When thinking about conductance, resistance is the reciprocal, and thus non-linear,
just like when thinking about resistance conductance is reciprocal and non-linear.

You might find it easier to think about heat conduction, where its much more normal to
think in the conductance way. Heat conductance is measured in W/K, though you do sometimes
use thermal resistance, K/W, in particular with heatsinks. When thinking about heat loss from
a building you naturally think about conductance though.

Back to electronics when putting resistors in parallel you can just sum the conductances
to get the conductance of the combined parallel circuit, which is the converse of adding
resistances in a series circuit.

If V = IR is your nice, linear voltage vs current relationship, than I = VC is an equally valid and still linear relationship involving the conductance instead of the resistance. Your problem trying to understand the Resistance vs Conductance graph is that they have a purely mathematical relationship, rather than a physical one.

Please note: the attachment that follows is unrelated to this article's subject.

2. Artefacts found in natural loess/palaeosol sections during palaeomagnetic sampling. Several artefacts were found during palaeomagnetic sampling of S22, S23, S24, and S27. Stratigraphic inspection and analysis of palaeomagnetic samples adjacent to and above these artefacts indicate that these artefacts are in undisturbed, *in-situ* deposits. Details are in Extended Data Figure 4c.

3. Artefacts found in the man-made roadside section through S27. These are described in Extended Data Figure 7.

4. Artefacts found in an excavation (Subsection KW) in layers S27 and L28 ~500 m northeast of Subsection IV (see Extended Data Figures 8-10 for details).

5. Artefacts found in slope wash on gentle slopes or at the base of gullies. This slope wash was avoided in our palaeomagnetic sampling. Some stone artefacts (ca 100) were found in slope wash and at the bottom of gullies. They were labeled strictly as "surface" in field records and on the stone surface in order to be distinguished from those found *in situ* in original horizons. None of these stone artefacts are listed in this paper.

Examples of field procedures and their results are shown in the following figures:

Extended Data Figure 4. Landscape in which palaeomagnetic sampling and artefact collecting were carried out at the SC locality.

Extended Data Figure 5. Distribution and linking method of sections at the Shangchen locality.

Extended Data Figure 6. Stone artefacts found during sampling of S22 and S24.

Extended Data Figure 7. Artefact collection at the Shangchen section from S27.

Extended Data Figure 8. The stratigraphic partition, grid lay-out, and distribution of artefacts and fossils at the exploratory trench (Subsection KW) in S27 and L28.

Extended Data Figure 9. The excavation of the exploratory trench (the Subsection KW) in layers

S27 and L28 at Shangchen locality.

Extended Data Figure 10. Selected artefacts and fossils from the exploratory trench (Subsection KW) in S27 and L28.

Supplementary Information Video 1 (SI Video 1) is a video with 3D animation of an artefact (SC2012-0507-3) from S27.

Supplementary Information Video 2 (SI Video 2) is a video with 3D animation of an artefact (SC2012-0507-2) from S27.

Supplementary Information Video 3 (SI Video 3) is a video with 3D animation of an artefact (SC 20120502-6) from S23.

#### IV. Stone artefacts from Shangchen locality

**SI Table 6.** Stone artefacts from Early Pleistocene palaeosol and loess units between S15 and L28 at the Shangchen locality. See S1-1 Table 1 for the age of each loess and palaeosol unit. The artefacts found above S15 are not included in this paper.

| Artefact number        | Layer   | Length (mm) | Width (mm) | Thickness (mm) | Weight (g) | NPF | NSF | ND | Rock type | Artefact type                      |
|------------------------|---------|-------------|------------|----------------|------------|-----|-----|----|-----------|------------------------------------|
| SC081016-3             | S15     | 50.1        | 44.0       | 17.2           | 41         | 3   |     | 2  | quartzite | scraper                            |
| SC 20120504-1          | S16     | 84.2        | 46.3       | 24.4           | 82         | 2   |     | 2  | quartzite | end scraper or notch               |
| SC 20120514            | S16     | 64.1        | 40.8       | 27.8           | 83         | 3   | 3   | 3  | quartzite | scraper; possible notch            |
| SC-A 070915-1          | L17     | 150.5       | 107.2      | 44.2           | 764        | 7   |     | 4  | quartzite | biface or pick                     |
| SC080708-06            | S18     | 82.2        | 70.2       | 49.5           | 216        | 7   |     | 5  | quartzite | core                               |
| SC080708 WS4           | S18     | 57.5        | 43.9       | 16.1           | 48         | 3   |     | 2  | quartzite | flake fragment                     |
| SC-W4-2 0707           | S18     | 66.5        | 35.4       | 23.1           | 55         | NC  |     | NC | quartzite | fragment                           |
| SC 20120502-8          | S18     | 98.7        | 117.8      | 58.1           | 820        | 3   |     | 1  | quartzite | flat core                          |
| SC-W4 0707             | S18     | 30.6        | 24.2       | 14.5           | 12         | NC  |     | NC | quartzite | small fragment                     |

The symbol for conductance is G, not C. C is the coulomb!

I = VG

[ yes G is also the gravitational constant, but its deemed not to be so common in the world of electronics as the unit of electric charge! ]

From an intuitive point of view conductance is just resistance stood on its head.

It doesn't look any different from the physical point of view, it is just a different way of writing down its value.

mercmobily:
Conductance is seen as 1/R. It's me mathematical "reciprocal". But... what happens when you actually see them?

If you can literally see resistance and conductance you're a better man than I.

While it's true, "the lower the resistance, the bigger the conductance", while resistance is linear (y=x), conductance is not: you can see how the conductance curve is in fact anything but linear.

What nonsense are you on about? Conductance is perfectly linear. G + G = 2G after all, just like R + R = 2R.